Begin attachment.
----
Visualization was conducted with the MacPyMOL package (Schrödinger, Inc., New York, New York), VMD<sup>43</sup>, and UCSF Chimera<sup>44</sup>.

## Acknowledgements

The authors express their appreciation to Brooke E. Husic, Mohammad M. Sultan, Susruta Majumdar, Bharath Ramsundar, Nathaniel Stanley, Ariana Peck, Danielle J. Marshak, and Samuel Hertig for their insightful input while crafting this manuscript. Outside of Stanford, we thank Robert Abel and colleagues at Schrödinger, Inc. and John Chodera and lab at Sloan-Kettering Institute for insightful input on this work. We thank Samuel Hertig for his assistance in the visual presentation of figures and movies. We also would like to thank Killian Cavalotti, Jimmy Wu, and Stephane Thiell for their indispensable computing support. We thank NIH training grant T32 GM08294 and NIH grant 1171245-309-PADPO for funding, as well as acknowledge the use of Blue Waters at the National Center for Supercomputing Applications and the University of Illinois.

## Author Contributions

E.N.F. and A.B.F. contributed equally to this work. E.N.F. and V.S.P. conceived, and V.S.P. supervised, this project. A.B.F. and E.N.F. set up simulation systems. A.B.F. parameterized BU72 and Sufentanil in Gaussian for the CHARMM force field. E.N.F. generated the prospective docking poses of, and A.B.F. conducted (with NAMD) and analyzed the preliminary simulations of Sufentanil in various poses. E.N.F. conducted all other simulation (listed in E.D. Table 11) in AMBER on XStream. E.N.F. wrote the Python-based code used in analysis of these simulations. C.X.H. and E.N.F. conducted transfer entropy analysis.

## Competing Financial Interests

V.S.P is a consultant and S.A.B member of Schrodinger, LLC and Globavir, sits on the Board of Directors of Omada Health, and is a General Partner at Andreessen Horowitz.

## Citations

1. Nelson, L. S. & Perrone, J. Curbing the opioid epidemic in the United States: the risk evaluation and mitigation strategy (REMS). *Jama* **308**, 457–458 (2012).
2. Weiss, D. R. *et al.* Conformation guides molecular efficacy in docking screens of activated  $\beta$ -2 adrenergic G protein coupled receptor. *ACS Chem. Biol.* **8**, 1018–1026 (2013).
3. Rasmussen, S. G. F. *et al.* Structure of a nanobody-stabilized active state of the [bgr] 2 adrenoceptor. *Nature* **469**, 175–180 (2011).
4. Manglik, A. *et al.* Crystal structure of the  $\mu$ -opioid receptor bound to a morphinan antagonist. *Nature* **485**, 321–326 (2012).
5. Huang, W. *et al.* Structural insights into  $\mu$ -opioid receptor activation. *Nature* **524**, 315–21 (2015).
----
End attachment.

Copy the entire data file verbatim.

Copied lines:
Visualization was conducted with the MacPyMOL package (Schrödinger, Inc., New York, New York), VMD<sup>43</sup>, and UCSF Chimera<sup>44</sup>.

## Acknowledgements

The authors express their appreciation to Brooke E. Husic, Mohammad M. Sultan, Susruta Majumdar, Bharath Ramsundar, Nathaniel Stanley, Ariana Peck, Danielle J. Marshak, and Samuel Hertig for their insightful input while crafting this manuscript. Outside of Stanford, we thank Robert Abel and colleagues at Schrödinger, Inc. and John Chodera and lab at Sloan-Kettering Institute for insightful input on this work. We thank Samuel Hertig for his assistance in the visual presentation of figures and movies. We also would like to thank Killian Cavalotti, Jimmy Wu, and Stephane Thiell for their indispensable computing support. We thank NIH training grant T32 GM08294 and NIH grant 1171245-309-PADPO for funding, as well as acknowledge the use of Blue Waters at the National Center for Supercomputing Applications and the University of Illinois.

## Author Contributions

E.N.F. and A.B.F. contributed equally to this work. E.N.F. and V.S.P. conceived, and V.S.P. supervised, this project. A.B.F. and E.N.F. set up simulation systems. A.B.F. parameterized BU72 and Sufentanil in Gaussian for the CHARMM force field. E.N.F. generated the prospective docking poses of, and A.B.F. conducted (with NAMD) and analyzed the preliminary simulations of Sufentanil in various poses. E.N.F. conducted all other simulation (listed in E.D. Table 11) in AMBER on XStream. E.N.F. wrote the Python-based code used in analysis of these simulations. C.X.H. and E.N.F. conducted transfer entropy analysis.

## Competing Financial Interests

V.S.P is a consultant and S.A.B member of Schrodinger, LLC and Globavir, sits on the Board of Directors of Omada Health, and is a General Partner at Andreessen Horowitz.

## Citations

1. Nelson, L. S. & Perrone, J. Curbing the opioid epidemic in the United States: the risk evaluation and mitigation strategy (REMS). *Jama* **308**, 457–458 (2012).
2. Weiss, D. R. *et al.* Conformation guides molecular efficacy in docking screens of activated  $\beta$ -2 adrenergic G protein coupled receptor. *ACS Chem. Biol.* **8**, 1018–1026 (2013).
3. Rasmussen, S. G. F. *et al.* Structure of a nanobody-stabilized active state of the [bgr] 2 adrenoceptor. *Nature* **469**, 175–180 (2011).
4. Manglik, A. *et al.* Crystal structure of the  $\mu$ -opioid receptor bound to a morphinan antagonist. *Nature* **485**, 321–326 (2012).
5. Huang, W. *et al.* Structural insights into  $\mu$ -opioid receptor activation. *Nature* **524**, 315–21 (2015).